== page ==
Applicable to: '90 - '97 1.6 liter
Black 4 point roll bar with cross brace.
Installation was described well in the directions, though photos would have been helpful, or a web site (hint BSP). Packaging for shipping left a few scratches on the bar where the padding had slipped off. This is generally a well made product. The mounting is very different from other roll bars in that it does not attach to the shock towers like the hard dog and others, it attaches all at the bottom of the sheet metal. Pictures would explain better, but basically the 4 points of the roll bar attach to two metal plates about 3 by 8 inches (very roughly), one on each side attaching to 2 points, kind of like a sled. This mounts deep in the chassis.
I am 6 foot 1, probably too tall to safely be in a Miata. I shopped around and read reviews, and this one sounded like a good product, and generally it is, but one of the reviews mentioned that it does not interfere with seat travel. This is correct when talking about the lower part of the seat, but with the seat bottom all the way back, you can't lean the seat all the way back--the headrest hits the rollbar. I ended up mounting the driver side more rearward than it should be, the top catches on the bar when I put it up. I would have put both sides back further to make it even, but the passenger side mounts have a cutout for a wiring harness, and the wiring can't be moved.
Difficult to remove without leaving damage
This bar from BSP is advertised as SOLO II approved. It contains additional rearward and diagonal bracing. Installation procedures were contained in the 1996 Tech Issue of Miata Magazine. Was advised the unit would work with the hard and the soft tops on a 1990 Miata.
The welding appears substantial and the black powder coating is functional. All needed hardware was included. The magazine article provided excellent guidance, except completely omitted the part about replacing the carpet. I installed the unit without help and took about 6 hours. Several trips to the bench grinder were needed.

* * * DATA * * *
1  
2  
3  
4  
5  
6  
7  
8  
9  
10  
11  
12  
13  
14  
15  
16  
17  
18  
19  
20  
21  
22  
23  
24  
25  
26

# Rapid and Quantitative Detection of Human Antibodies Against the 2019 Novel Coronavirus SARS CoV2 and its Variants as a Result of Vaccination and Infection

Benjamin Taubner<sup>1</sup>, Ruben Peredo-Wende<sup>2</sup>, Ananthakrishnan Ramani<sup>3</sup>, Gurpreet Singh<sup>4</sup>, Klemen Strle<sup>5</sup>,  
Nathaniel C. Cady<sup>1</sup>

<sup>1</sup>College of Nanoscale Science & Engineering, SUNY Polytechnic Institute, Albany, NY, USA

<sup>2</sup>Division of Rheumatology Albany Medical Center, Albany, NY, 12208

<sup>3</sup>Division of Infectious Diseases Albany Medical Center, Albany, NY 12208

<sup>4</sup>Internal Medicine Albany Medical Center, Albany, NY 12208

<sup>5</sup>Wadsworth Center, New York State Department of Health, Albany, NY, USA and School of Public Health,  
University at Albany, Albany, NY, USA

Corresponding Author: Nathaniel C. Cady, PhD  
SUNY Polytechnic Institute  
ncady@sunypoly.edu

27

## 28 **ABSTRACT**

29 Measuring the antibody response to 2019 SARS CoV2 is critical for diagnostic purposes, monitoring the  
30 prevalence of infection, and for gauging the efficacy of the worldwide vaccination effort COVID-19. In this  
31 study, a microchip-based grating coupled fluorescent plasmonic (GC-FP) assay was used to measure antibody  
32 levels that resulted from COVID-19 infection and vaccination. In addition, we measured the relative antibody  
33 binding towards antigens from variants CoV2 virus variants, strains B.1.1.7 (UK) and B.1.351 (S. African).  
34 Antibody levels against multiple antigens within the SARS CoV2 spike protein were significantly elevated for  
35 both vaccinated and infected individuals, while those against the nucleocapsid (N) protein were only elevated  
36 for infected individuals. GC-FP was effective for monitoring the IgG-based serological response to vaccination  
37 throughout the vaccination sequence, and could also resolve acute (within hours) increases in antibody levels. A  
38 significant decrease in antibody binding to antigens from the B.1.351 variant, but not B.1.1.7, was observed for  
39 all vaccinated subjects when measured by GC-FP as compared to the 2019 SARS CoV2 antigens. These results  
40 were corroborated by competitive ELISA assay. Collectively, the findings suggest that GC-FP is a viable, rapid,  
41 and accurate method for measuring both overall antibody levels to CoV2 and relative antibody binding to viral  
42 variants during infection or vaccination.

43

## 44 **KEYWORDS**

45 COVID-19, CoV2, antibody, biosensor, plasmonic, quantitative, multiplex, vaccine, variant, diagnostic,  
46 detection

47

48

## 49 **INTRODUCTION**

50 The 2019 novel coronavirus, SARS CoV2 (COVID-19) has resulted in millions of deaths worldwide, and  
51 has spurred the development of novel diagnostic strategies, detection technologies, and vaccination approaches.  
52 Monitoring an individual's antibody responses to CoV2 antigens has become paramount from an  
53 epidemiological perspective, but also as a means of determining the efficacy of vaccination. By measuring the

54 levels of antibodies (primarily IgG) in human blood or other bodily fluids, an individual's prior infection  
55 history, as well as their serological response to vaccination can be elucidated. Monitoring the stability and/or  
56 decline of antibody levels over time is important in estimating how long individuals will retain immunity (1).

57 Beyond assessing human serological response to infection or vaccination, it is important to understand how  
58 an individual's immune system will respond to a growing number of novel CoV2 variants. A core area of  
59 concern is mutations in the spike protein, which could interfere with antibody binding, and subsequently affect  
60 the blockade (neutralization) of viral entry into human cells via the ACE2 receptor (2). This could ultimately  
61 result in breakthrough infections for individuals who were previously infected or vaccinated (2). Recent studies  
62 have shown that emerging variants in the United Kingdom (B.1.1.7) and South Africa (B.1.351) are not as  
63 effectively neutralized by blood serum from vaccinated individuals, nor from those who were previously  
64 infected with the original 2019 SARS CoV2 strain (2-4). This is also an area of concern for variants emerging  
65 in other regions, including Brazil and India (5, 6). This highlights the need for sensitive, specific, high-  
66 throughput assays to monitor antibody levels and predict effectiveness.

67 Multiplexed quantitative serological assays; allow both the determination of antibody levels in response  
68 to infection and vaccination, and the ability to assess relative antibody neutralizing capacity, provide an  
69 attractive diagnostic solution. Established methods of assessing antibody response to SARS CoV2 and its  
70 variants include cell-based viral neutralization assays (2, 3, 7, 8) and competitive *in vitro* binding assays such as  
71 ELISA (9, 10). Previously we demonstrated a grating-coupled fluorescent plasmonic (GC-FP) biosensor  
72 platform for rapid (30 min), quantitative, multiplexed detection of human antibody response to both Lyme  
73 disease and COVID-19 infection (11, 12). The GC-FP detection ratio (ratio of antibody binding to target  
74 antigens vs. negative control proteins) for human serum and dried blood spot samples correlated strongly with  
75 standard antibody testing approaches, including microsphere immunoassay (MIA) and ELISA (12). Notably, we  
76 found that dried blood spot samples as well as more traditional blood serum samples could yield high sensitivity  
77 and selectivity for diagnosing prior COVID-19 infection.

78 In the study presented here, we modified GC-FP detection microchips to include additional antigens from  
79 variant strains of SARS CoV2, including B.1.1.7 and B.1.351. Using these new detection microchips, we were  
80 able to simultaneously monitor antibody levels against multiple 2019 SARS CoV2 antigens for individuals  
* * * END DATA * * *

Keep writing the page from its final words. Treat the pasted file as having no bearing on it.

Installation requires removal of the rear wheels, well liners, removal and trimming of the rear bulkhead carpet and the metal covering. A few rear bulkhead attachment points must be chiseled out and 6 holes drilled in the car to attach the base plate to the base of the roll bar. All went smooth until time to test fit the bar. The base would not set flat in its designated location. A few trips to the bench grinder to trim a few areas on the base of the bar provided a good center and forward fit. Fortunately, prior to drilling the holes, a test fit was made with both tops. The ribs of the soft top struck the top passenger side of the bar and the hard top would not fit. Examination found the top passenger side of the roll bar to be approximately 3/4 inch further back than the drivers side. A few longer trips to the bench grinder on the base plates and a slight off center placement corrected the problem. Holes drilled, the unit bolted together fine. I had to remove the bar to trim and install the carpeting as it would not slide under the bar spanning the rear bulkhead.
The rear diagonal brace does not hinder rear vision much, and the bottom edge of the top bar is higher than the rear widow of the soft top. With the soft top down vision is increased. The rear window will not lay flat and can only be made a little more comfortable by unzipping and smoothing around. It seems possible to cut the top fabric or remove stitches to install an additional zipper or other fastener.
When the RB chrome style bar installed, many other drivers just wanted to race from the red lights. The real bar looks too serious. They don't want to race now but seem to take delight in cutting me off or riding up on the back bumper. The new bar did open up a few more tracks for me, but unsure if it worth the hassle. I should feel safer, but it seems to draw more mental midgets with points to prove.
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